Psychological Underpinnings of Imposter Syndrome
Imposter syndrome is a complex psychological phenomenon that goes beyond surface-level self-doubt. Its roots are deeply embedded in the intricate workings of our minds, shaping the way we perceive ourselves and our accomplishments.
Cognitive Distortions and Biased Self-Evaluation:
At the heart of imposter syndrome lies a set of cognitive distortions that distort our perception of success and failure. People affected by imposter syndrome often engage in "mental filtering," magnifying their failures while downplaying their successes. This skewed perspective leads them to conclude that their achievements are merely a result of luck, and their true abilities are obscured. Additionally, "black-and-white thinking" contributes to the imposter cycle, pushing individuals to view their achievements as either complete flukes or the outcome of deceiving others.
Attribution Theory and the "Imposter" Label:
Attribution theory offers insight into how individuals attribute success and failure. Those grappling with imposter syndrome tend to attribute their successes to external factors such as luck, timing, or help from others. Conversely, they attribute their failures to internal factors like a lack of ability or shortcomings. This skewed attribution pattern leads to the development of the term "imposter," as individuals feel that they are somehow deceiving others by presenting themselves as more capable than they believe they truly are.
The Confidence-Competence Gap:
The Dunning-Kruger effect, a cognitive bias, plays a role in imposter syndrome dynamics. It suggests that individuals with limited competence tend to overestimate their abilities, while those who are genuinely competent often undervalue their skills. For those with imposter feelings, this creates a significant gap between their perceived competence (which is low) and their actual competence (which is often higher). This dissonance between what they believe about themselves and what they are capable of contributes to the perpetuation of self-doubt.
Imposter syndrome can manifest as a perplexing paradox where high-achieving individuals become immobilized by their pursuit of perfection. The perfectionist paradox centers around an individual's intense desire to achieve flawlessness in their endeavors. Paradoxically, the more they strive for perfection, the more they become acutely aware of their limitations and potential for error. This heightened awareness of imperfections contributes to feelings of inadequacy and the fear of not measuring up to their own unattainable standards. It fuels imposter syndrome by trapping individuals in a cycle of relentless self-critique and internalized failures. Every perceived imperfection becomes evidence of their supposed inadequacy, preventing them from fully embracing their achievements and capabilities.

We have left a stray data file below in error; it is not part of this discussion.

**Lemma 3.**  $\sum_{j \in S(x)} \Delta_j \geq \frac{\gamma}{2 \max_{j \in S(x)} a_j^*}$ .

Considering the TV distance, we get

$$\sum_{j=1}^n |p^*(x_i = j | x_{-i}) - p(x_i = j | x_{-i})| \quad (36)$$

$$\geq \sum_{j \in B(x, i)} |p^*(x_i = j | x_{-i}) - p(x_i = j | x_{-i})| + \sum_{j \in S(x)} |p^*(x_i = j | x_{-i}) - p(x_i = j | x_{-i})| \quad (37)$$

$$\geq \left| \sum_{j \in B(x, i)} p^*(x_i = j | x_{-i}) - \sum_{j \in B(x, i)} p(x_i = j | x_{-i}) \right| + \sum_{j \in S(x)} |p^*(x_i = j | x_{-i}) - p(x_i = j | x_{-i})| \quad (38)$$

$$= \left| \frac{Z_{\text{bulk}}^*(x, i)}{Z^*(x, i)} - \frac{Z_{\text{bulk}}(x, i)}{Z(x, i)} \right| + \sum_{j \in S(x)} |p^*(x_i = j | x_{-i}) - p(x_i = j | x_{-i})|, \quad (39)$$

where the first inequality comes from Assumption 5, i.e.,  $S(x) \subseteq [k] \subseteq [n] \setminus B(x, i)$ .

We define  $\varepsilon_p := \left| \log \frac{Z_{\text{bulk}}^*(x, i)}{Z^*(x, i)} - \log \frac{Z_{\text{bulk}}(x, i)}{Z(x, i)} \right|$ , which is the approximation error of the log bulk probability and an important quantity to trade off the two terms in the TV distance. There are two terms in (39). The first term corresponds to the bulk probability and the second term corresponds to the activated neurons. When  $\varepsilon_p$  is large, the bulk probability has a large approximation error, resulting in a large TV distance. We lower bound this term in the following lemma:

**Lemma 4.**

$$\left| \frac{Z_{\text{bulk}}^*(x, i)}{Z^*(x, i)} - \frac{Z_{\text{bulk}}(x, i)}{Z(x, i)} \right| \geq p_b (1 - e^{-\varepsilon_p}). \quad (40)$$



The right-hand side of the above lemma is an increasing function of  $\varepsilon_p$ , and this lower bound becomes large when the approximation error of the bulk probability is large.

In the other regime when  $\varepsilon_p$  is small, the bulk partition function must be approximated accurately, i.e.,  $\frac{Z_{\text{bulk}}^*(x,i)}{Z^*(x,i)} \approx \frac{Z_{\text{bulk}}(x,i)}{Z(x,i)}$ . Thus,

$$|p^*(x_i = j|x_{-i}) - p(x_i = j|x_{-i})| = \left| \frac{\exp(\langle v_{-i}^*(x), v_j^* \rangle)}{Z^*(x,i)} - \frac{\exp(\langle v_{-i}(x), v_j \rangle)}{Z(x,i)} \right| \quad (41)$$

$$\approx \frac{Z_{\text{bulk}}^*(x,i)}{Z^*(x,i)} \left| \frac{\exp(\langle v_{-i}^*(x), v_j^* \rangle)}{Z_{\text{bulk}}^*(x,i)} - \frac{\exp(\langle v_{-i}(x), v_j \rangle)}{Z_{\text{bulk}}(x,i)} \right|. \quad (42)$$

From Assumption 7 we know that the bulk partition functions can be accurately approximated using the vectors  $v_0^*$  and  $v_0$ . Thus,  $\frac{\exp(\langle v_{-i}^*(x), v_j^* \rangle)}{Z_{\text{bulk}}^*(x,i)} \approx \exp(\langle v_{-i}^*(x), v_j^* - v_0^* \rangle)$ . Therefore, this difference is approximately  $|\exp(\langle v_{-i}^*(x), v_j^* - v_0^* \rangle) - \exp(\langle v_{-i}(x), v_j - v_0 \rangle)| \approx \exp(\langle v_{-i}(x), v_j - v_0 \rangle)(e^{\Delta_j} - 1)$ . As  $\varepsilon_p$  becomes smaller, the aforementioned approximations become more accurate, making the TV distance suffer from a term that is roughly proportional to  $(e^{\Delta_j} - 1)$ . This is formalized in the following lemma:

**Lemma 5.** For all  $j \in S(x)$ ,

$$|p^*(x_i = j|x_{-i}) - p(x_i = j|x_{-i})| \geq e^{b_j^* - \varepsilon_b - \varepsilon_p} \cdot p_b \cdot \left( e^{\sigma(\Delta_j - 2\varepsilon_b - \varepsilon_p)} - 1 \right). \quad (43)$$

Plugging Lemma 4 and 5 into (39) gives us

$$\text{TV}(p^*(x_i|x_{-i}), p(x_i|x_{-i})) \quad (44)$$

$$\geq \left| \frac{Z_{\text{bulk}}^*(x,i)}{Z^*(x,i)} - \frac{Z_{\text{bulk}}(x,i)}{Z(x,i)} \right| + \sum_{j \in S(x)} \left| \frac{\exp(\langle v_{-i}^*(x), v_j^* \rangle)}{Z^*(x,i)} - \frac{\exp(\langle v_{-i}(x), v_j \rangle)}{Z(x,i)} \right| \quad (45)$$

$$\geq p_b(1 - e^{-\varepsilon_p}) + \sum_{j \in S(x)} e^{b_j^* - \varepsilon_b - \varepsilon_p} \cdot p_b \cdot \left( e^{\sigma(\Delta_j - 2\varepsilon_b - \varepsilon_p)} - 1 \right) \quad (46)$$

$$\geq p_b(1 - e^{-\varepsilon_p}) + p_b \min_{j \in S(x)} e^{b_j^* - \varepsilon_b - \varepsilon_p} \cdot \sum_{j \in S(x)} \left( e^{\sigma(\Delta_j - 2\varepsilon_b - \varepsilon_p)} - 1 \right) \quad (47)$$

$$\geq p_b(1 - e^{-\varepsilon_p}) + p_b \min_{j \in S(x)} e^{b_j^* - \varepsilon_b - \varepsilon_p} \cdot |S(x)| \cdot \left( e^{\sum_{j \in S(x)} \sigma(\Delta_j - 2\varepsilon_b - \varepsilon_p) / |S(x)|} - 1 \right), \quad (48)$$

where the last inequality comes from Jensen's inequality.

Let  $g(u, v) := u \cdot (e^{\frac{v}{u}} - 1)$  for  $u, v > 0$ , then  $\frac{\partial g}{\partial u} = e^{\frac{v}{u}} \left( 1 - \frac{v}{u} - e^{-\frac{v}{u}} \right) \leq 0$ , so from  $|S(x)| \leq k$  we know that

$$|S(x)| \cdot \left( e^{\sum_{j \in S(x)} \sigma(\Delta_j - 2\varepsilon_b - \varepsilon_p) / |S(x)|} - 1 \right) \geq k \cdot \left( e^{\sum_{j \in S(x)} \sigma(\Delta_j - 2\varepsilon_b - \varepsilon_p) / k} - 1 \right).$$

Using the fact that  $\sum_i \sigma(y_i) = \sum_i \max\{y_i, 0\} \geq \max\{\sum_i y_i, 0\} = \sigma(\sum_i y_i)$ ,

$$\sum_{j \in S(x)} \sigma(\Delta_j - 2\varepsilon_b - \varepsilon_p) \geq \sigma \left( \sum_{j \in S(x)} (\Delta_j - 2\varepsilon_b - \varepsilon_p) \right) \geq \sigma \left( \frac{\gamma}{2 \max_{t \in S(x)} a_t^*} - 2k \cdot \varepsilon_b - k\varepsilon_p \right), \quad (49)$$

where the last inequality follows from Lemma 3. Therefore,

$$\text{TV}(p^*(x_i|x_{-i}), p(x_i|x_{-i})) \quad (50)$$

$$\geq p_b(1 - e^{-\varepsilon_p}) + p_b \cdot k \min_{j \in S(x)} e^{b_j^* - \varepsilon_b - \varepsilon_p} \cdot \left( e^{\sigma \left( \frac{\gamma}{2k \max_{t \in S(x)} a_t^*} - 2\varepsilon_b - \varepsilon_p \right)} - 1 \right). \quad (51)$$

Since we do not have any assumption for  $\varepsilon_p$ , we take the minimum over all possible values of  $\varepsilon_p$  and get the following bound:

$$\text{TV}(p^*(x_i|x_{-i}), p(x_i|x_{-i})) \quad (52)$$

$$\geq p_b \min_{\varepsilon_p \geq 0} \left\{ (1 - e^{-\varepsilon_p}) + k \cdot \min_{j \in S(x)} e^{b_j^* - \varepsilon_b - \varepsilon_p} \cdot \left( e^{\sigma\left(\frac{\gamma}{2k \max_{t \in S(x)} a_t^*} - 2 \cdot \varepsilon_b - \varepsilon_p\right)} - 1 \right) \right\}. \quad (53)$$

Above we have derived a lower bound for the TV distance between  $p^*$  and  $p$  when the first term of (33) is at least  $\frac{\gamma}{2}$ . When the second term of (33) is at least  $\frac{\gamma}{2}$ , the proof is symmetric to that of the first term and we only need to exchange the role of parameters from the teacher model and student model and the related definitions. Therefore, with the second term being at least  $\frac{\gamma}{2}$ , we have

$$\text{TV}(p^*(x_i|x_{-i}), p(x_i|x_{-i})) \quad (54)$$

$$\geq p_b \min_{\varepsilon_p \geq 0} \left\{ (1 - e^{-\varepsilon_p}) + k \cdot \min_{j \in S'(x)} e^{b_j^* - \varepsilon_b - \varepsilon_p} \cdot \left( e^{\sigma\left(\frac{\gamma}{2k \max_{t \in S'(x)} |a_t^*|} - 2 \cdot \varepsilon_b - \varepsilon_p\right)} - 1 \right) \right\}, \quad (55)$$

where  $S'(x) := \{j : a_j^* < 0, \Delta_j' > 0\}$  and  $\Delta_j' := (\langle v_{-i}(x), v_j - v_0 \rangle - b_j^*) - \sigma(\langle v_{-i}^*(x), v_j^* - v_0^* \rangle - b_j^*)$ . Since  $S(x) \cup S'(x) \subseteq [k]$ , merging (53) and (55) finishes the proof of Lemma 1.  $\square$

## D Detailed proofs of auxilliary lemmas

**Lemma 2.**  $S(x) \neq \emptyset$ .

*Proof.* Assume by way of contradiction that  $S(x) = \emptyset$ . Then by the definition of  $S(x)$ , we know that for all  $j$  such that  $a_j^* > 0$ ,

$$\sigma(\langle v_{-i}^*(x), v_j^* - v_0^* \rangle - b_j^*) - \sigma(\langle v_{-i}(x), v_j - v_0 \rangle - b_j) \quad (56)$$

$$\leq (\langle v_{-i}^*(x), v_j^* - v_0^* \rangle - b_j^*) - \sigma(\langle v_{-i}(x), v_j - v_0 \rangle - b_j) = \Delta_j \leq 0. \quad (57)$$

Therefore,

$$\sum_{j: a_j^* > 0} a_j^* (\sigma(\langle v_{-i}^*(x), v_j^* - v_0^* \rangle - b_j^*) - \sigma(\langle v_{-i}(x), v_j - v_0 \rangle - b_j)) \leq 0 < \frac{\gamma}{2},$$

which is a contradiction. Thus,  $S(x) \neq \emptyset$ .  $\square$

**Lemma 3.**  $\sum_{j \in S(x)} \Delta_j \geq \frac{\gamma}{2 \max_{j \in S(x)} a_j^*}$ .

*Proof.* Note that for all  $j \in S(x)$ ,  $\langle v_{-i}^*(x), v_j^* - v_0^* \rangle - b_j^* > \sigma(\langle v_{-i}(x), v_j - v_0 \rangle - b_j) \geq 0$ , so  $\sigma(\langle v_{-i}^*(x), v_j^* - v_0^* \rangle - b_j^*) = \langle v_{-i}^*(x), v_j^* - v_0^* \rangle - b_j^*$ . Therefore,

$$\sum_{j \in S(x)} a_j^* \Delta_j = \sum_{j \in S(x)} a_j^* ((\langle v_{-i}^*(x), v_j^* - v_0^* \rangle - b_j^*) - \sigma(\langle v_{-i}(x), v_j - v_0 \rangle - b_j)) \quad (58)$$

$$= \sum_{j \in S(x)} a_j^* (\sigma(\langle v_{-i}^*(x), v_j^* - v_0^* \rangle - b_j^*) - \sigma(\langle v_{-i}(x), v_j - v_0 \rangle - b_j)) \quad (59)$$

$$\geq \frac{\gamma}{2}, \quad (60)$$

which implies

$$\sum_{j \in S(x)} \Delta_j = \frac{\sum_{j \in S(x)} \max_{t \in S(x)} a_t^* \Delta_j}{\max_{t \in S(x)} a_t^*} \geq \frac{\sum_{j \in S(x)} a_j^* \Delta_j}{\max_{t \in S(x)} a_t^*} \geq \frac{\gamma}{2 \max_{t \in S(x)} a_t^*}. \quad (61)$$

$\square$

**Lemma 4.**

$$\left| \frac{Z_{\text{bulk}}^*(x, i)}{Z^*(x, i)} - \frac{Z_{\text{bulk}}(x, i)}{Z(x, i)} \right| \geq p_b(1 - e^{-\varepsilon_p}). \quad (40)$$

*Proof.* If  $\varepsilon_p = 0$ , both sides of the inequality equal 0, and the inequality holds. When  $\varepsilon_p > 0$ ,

Societal Contributors to Impostor Syndrome
Impostor Syndrome, a psychological phenomenon marked by persistent self-doubt and fear of being exposed as a fraud despite evident competence, is significantly influenced by societal factors. These elements shape perceptions, expectations, and comparisons, thereby contributing to the development and exacerbation of impostor feelings.
Societal norms and cultural expectations often dictate what constitutes success and achievement. When individuals perceive themselves as not meeting these standards, they may experience impostor feelings. Cultures that emphasize specific markers of accomplishment can heighten the fear of not measuring up.
Gender roles and stereotypes can play a substantial role in the experience of impostor syndrome. Societies that historically undervalue or marginalize certain genders in professional or academic spheres can lead individuals from these groups to doubt their worth and competence.
Celebrity Culture and Comparison:
The rise of social media and celebrity culture fuels constant comparison. People showcase curated highlights of their lives, creating unrealistic benchmarks for success. This heightened exposure to perceived achievements can exacerbate impostor feelings by reinforcing the notion that others are consistently outperforming oneself.